Stingaree Crash Victim Not Out of the Woods: Docs

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    NEWSLETTERS

    TK
    NBCSanDiego

    She can feel her foot and even wiggle her toes.

    That's the update from doctors treating Dominique Gambale, the Encinitas woman whose leg was severely mangled when a cab jumped a curb, pinning her against a wall Saturday morning.

    Gambale is being treated at UC San Diego Medical Center.

    Stingaree Cab Crash Victim Was Celebrating Valentine's Day

    [DGO] Stingaree Cab Crash Victim Was Celebrating Valentine's Day
    An Encinitas woman whose leg was severely mangled when a cab jumped a curb, pinning her against a wall and injuring 34 others, was celebrating Valentine?s Day with her husband when the accident happened.

    On Tuesday, the medical team helping her recover from her injuries updated reporters on Gambale's condition indicating that while things are going well, it could be months before doctors really know if the Gambale's leg will be okay. 

    The 45-year old had asked her mother to baby-sit her 10-year-old daughter and 6-year-old on Friday night while she celebrated Valentine’s Day a few days early with her husband.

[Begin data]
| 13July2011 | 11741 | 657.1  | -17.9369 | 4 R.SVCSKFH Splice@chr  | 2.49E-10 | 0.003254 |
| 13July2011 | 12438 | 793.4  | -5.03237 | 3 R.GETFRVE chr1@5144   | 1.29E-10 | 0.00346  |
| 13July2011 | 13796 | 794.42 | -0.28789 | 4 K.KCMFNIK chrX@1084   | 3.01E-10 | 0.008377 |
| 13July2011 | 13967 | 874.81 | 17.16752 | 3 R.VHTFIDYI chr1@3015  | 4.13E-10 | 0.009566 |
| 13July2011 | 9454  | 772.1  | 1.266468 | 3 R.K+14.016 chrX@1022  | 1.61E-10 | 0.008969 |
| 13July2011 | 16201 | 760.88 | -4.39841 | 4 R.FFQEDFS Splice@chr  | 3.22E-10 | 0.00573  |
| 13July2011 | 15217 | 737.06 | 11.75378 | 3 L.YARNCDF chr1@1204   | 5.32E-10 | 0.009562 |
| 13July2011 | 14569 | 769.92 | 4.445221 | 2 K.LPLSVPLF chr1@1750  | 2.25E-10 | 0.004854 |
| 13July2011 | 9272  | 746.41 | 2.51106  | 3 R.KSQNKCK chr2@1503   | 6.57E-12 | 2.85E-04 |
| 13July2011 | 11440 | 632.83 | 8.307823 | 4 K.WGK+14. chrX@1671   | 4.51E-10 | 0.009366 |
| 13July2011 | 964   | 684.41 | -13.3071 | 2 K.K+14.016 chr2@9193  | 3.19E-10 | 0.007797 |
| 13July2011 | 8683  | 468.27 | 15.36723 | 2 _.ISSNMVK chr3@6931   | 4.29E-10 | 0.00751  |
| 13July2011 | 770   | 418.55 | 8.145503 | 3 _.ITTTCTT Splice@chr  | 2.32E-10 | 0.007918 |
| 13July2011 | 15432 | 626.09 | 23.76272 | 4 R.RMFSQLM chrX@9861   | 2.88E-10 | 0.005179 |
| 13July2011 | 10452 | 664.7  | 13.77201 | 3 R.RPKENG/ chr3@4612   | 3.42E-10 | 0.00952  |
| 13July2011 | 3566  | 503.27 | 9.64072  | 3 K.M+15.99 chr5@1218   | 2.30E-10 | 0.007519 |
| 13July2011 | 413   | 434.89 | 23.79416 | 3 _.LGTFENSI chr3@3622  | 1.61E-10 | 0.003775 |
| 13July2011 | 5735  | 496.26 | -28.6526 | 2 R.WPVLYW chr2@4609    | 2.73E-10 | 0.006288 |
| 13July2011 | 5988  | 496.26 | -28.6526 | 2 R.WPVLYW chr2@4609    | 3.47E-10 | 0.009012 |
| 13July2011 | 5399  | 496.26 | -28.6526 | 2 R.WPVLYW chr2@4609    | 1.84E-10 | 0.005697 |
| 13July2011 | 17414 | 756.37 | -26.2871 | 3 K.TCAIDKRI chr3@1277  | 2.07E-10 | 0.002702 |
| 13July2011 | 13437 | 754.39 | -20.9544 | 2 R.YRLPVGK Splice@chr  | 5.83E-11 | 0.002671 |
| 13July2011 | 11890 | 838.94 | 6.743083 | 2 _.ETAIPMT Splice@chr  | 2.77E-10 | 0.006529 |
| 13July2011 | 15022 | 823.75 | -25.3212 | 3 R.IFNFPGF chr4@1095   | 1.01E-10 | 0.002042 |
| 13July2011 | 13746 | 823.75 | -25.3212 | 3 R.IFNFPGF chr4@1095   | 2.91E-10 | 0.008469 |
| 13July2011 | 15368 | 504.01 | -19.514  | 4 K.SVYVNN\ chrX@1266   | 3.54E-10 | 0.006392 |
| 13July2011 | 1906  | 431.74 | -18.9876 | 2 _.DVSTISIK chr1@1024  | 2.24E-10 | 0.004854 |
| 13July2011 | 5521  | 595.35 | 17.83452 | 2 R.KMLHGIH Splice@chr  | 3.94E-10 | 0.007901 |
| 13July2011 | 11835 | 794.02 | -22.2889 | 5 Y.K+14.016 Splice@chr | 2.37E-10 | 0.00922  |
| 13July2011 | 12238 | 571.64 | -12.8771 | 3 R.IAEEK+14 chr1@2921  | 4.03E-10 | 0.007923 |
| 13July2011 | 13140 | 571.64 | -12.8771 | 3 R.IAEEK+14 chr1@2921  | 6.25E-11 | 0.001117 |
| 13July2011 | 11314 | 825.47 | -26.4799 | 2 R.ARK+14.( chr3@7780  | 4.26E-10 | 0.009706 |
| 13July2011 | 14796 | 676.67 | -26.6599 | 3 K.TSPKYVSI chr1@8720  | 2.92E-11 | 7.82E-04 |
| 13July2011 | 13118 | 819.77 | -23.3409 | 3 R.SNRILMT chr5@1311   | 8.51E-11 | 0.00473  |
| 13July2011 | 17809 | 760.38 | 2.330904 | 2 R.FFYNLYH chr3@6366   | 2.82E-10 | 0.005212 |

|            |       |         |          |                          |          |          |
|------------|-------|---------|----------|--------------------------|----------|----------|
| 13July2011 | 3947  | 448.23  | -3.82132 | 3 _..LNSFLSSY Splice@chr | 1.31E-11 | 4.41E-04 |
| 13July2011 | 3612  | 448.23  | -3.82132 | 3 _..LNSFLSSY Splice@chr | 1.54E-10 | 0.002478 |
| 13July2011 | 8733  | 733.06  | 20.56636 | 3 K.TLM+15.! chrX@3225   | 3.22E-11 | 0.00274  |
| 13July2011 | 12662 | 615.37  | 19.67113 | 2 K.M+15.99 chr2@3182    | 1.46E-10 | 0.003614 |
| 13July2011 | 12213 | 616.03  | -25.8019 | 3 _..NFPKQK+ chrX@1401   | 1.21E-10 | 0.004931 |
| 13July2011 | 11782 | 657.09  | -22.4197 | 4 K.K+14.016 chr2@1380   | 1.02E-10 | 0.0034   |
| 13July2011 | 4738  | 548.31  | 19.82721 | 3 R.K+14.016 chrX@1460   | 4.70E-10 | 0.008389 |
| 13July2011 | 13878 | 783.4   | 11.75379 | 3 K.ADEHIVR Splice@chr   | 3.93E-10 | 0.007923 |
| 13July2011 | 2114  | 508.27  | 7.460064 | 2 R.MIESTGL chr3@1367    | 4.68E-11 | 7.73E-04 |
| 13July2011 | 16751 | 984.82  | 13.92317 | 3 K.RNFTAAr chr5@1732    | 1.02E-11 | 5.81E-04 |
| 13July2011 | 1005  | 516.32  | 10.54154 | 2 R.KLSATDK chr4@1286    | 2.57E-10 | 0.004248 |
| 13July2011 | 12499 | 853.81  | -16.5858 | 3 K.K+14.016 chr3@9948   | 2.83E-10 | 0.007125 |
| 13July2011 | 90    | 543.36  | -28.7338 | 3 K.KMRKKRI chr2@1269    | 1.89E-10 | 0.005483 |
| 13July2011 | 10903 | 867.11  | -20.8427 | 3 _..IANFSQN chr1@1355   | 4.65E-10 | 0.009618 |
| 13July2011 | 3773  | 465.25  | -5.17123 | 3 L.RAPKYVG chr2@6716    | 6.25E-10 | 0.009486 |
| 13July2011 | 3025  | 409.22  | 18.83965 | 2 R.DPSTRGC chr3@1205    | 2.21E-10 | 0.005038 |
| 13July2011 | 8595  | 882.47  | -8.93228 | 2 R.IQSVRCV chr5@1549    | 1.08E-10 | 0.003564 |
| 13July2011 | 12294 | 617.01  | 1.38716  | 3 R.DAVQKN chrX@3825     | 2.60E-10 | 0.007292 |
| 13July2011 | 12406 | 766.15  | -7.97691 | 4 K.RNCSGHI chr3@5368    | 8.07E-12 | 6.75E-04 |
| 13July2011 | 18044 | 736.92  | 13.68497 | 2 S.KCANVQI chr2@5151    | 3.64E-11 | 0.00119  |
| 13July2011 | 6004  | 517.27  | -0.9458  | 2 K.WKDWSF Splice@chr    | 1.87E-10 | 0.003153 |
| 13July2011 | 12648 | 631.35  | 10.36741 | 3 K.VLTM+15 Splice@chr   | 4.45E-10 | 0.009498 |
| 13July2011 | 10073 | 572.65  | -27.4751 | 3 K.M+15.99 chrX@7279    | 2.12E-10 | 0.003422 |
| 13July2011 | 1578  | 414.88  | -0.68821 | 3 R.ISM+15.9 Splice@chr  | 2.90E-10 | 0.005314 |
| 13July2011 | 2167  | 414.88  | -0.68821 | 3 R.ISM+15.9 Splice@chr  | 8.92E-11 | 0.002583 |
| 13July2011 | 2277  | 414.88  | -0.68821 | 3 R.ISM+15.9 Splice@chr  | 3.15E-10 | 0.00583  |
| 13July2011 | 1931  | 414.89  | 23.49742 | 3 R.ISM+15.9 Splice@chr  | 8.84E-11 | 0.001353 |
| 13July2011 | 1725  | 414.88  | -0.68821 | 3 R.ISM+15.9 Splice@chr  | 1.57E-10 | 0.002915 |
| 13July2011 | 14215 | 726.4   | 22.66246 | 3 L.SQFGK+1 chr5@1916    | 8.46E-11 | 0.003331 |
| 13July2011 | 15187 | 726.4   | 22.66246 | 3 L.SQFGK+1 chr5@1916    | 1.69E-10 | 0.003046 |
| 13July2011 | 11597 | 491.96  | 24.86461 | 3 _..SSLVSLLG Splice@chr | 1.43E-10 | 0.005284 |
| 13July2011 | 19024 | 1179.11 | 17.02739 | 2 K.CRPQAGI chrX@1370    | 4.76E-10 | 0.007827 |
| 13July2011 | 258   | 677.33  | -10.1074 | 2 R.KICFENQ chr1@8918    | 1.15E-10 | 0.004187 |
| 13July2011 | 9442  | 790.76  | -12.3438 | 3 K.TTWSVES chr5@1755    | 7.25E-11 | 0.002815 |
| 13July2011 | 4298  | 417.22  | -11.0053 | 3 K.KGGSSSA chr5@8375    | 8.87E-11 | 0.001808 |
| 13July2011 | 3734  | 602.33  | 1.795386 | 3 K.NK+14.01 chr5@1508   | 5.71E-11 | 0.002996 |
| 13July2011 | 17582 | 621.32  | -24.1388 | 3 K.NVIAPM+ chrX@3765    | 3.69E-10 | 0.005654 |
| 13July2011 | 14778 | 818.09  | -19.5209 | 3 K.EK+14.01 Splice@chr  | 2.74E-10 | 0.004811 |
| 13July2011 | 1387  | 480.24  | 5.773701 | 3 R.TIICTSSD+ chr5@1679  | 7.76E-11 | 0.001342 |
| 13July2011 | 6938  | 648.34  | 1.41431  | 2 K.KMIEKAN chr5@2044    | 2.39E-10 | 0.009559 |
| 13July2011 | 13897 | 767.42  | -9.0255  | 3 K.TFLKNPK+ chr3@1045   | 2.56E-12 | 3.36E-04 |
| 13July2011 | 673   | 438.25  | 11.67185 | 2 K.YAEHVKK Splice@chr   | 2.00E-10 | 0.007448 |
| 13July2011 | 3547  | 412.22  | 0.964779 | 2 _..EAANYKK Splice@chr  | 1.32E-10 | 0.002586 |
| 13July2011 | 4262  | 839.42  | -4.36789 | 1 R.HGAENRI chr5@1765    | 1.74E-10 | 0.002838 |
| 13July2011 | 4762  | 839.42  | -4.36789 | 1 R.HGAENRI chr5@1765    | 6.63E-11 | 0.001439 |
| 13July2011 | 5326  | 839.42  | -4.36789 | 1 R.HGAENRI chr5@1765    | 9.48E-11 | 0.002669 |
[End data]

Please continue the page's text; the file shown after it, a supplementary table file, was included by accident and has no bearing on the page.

The couple had booked a hotel for the evening downtown and were trying to decide whether to walk to the hotel or take a cab. They decided to wait for a cab outside Stingaree on 6th Avenue.

    In an instant, a cab veered off the street and into the crowd exiting the club, crushing more than 30 people and pinning Gambale against a wall.

    Initial reports stated that Gambale’s leg was severed. Hospital officials clarified on Monday that her leg was not severed, but severely injured.

    According to orthopaedic surgeon Paul Girard, MD, Gambale still has a lot of swelling and large open wounds. Right now, they are not sure they will succeed in salvaging her leg.

    She will likely need two more surgeries and could take years to recover from her injuries.

    She has all the right elements to try and make this work though. Her attitude, her health status all those things are well in her favor," said Girard.

    "She's optimistic and wants to be able to walk and live essentially a normal life in the future," he said.

    If things go well, doctors hope to have Gambale start bearing weight on the leg in six months or so. 

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